May 4, 2010
Better than: ..any abbreviated, afternoon mini-set at a festival concert, for damn sure.
The Deftones took to Trees last night for an eleventh-hour-announced, quickly-sold-out concert, and delivered a boastful, deafening, 21-song set to an expanse of shoulder-to-shoulder bodies.
They were pressed against every wall, and lined along every inch of the stairways.
You see, the Deftones graciously chose Dallas as the stop to celebrate the release of their new CD, Diamond Eyes, with an early evening, more-exclusive fan affair. There was a Q&A webcast, moderated by KDGE-102.1 FM The Edge's Jessie Jessup, followed by a front-to-back live performance of the entire new CD.
So really, why not play an additional special show that night in an intimate venue?
Hell, they were already there.
Diamond Eyes, assembled from scratch not long after the hospitalization of bassist Chi Cheng in late '08 (Cheng was a serious car accident and remains traumatized), was a relatively spontaneous creation.
Before Cheng's injury, the band was nearing completion on a CD titled Eros, and, in a decision they claim unrelated to the band's subsequent downtime from this, they decided to indefinitely shelve Eros, sub-out Cheng with former Quicksand bassist Sergio Vega, and start work on an entirely new effort.
While Eros is reported to be quite abrasive and atmospheric, Diamond Eyes seems to be more of a sexy, melodic affair--not all that dissimilar to 2000's White Pony.
Back to the show: Opening with rumbling, eerie synth, and a massive crowd roar, the Deftones dispatched their new title track as crooner Chino Moreno, at least at first, appeared in a sweater vest and a pink, starch-collared dress shirt.
But this show wasn't about fashion, fluff, or even hype. There wasn't a lot of between-song banter or crowd-pumping. This show was about two main things: intense volume and undeniably-dark, artfully-crafted hard rock.
The first half of the set was predominantly new songs (sending some fans to the merch table to reference the new CD's track listing), and tracks from 2000's White Pony. Temp-bassist Sergio Vega stood stage left, and faced his microphone right, and downstage, alternating background harmonies and raw, screaming vocal-answers to Moreno's lyrics. Drummer Abe Cunningham, as usual, cracked out rhythms with snap-tight precision. Most notable, though, was guitarist Stephen Carpenters' concrete position at stage right, with a smoldering cigarette constantly poised atop his Marshall cabinets. He's a man so hairy from the neck up, that between his beard and his black, Cousin It-length mane, you could hardly see his face.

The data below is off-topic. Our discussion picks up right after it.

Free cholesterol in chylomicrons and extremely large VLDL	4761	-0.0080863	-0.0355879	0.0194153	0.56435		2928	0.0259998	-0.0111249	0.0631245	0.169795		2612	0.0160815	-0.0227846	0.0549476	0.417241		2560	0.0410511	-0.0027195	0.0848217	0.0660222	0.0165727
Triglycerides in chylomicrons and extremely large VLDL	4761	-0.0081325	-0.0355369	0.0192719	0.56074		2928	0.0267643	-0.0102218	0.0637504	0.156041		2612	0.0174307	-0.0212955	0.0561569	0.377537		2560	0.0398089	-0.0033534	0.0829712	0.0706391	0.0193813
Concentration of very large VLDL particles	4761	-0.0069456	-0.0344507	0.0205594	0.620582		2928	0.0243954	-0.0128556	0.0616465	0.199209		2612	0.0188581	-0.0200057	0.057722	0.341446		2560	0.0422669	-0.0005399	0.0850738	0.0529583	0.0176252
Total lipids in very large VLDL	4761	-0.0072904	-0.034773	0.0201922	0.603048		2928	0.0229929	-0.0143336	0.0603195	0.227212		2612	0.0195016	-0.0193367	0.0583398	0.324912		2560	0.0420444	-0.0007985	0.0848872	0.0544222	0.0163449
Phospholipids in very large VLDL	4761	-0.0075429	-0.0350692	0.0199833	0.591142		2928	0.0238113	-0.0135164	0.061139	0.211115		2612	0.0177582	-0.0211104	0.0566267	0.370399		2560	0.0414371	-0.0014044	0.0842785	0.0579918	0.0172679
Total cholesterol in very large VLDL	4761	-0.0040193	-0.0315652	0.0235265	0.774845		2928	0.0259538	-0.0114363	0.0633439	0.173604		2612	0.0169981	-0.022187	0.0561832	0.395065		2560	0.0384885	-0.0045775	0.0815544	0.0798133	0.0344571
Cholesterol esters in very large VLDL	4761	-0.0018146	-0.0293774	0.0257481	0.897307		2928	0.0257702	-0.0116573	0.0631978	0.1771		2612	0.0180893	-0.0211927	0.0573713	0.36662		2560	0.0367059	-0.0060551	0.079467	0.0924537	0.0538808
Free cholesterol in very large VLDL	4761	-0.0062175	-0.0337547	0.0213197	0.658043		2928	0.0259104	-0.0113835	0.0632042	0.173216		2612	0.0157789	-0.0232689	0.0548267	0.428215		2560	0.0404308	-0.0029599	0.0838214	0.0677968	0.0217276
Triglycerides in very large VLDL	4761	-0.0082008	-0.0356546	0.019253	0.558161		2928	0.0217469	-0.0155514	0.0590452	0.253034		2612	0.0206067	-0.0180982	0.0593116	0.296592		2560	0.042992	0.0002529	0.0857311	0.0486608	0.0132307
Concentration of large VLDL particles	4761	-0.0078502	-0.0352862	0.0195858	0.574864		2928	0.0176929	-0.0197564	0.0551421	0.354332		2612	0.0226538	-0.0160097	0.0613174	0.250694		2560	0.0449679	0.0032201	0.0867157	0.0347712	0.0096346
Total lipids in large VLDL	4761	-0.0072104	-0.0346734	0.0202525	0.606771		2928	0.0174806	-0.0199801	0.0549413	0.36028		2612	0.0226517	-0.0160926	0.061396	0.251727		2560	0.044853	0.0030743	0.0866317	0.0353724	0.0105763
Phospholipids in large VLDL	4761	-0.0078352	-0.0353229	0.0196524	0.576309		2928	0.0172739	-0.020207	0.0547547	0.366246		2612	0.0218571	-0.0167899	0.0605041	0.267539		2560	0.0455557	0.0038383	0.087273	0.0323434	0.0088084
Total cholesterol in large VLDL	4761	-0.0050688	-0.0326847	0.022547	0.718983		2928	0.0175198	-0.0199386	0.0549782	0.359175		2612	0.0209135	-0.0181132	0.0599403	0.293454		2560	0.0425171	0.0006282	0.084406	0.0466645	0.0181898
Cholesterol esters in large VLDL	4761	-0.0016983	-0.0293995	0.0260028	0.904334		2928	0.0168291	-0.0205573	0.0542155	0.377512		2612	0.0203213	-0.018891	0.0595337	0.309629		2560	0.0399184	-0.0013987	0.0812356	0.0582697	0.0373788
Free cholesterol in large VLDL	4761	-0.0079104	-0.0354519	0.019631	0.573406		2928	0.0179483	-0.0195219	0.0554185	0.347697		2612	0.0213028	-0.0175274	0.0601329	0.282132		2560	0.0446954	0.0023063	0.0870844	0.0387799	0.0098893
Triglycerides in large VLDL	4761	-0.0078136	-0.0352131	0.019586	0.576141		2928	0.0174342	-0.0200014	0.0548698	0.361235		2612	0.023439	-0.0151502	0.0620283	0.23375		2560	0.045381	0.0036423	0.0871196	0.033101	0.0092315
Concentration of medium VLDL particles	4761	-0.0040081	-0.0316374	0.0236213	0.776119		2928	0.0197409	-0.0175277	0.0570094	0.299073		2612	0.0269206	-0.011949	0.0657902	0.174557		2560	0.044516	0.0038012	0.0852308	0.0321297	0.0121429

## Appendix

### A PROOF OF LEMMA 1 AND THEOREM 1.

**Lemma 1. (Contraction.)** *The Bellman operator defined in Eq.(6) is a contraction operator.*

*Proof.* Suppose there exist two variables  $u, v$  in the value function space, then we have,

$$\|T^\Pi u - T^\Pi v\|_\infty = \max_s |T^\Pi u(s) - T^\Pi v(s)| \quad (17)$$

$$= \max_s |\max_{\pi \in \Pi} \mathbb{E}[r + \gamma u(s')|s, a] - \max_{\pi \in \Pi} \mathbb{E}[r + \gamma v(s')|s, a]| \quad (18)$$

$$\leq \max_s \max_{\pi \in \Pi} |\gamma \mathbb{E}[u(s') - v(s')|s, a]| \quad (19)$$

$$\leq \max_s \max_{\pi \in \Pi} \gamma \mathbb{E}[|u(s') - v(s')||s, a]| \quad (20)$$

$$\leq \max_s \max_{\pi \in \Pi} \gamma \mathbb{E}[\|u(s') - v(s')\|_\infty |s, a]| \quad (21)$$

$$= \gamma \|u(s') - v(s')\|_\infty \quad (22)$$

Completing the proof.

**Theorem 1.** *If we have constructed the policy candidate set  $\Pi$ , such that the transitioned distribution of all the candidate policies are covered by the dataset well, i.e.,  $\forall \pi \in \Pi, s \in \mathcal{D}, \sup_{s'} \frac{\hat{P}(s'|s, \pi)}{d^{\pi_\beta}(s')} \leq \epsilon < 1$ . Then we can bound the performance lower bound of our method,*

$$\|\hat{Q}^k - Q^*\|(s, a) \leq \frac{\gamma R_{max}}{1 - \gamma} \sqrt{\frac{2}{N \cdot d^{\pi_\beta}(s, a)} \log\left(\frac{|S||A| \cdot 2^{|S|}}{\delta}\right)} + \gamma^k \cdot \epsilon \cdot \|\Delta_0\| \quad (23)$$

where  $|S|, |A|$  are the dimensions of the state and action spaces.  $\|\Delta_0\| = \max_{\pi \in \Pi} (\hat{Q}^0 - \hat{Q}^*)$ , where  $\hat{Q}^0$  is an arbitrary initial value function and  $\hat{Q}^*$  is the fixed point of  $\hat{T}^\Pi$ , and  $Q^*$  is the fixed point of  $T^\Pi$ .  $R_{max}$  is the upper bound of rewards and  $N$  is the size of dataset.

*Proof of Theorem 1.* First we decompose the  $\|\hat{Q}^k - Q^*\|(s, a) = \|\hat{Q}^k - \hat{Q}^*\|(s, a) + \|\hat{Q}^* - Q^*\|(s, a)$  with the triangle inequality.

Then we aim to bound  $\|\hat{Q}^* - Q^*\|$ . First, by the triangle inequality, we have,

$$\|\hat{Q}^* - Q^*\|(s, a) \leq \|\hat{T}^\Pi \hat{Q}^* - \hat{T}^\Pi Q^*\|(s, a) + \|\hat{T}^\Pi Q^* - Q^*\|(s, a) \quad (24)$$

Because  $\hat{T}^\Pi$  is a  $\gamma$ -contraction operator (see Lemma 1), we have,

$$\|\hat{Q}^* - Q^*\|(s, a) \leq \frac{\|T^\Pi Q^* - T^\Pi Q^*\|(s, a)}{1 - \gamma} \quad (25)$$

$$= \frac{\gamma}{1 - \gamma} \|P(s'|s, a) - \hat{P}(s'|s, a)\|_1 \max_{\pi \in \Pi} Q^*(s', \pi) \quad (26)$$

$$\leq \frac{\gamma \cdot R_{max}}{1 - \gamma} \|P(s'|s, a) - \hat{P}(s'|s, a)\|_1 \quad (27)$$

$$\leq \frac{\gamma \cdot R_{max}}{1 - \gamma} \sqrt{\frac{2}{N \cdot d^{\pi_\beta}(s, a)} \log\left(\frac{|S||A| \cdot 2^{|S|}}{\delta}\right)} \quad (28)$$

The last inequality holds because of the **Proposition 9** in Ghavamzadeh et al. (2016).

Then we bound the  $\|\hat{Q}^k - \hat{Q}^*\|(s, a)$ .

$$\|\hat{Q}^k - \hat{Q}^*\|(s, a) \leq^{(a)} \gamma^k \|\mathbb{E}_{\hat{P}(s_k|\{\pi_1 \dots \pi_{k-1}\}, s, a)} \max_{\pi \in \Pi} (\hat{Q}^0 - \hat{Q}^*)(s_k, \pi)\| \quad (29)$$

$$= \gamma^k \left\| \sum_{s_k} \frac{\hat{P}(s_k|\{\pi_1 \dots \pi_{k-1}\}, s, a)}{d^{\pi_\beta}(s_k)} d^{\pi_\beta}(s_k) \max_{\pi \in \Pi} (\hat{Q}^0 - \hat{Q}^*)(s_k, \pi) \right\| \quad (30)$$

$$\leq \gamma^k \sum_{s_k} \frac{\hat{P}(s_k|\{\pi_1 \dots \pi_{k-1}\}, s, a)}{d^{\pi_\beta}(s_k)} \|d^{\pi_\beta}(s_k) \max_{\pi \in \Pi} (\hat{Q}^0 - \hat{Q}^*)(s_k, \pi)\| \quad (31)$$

The second half of the set, more rich with variety, only swelled in ferocity, and in swirling, sweaty energy on the floor.
Moreno, looking much more fit than in recent years, set a loose, cheerful pace, even stopping to order Jagermesiter shots for most of the band, and checking to make sure the crowd wasn't tired yet. He sure wasn't.
"I gotta laugh. I'm havin a great fuckin time," he quipped in the show's home stretch, as the band launched into "Beauty School" (a more gracefully-crafted new song), led a massive crowd singalong during "Shutup and Drive" and saw Moreno himself strumming the opening chords to "Change (In the House of Flies)."
For the encore, Carpenter didn't bother with the formalities of leaving the stage and coming back, possibly trapped out there by all his equipment.
All in all, though, it was a historic night (and a real treat) for Deftones' fans. Not to mention a return to more fine, traditional form for Trees' ongoing history pages.
Personal Bias: The Deftones are my personal, all-time favorite rock band. That being said, while the event was historic, the quality of the performance varied. Moreno's voice wavered occasionally into flat territories, at least in the first half of the show. Excusable, considering the long day of performing they had. Overall, it was a well-delivered set, though.
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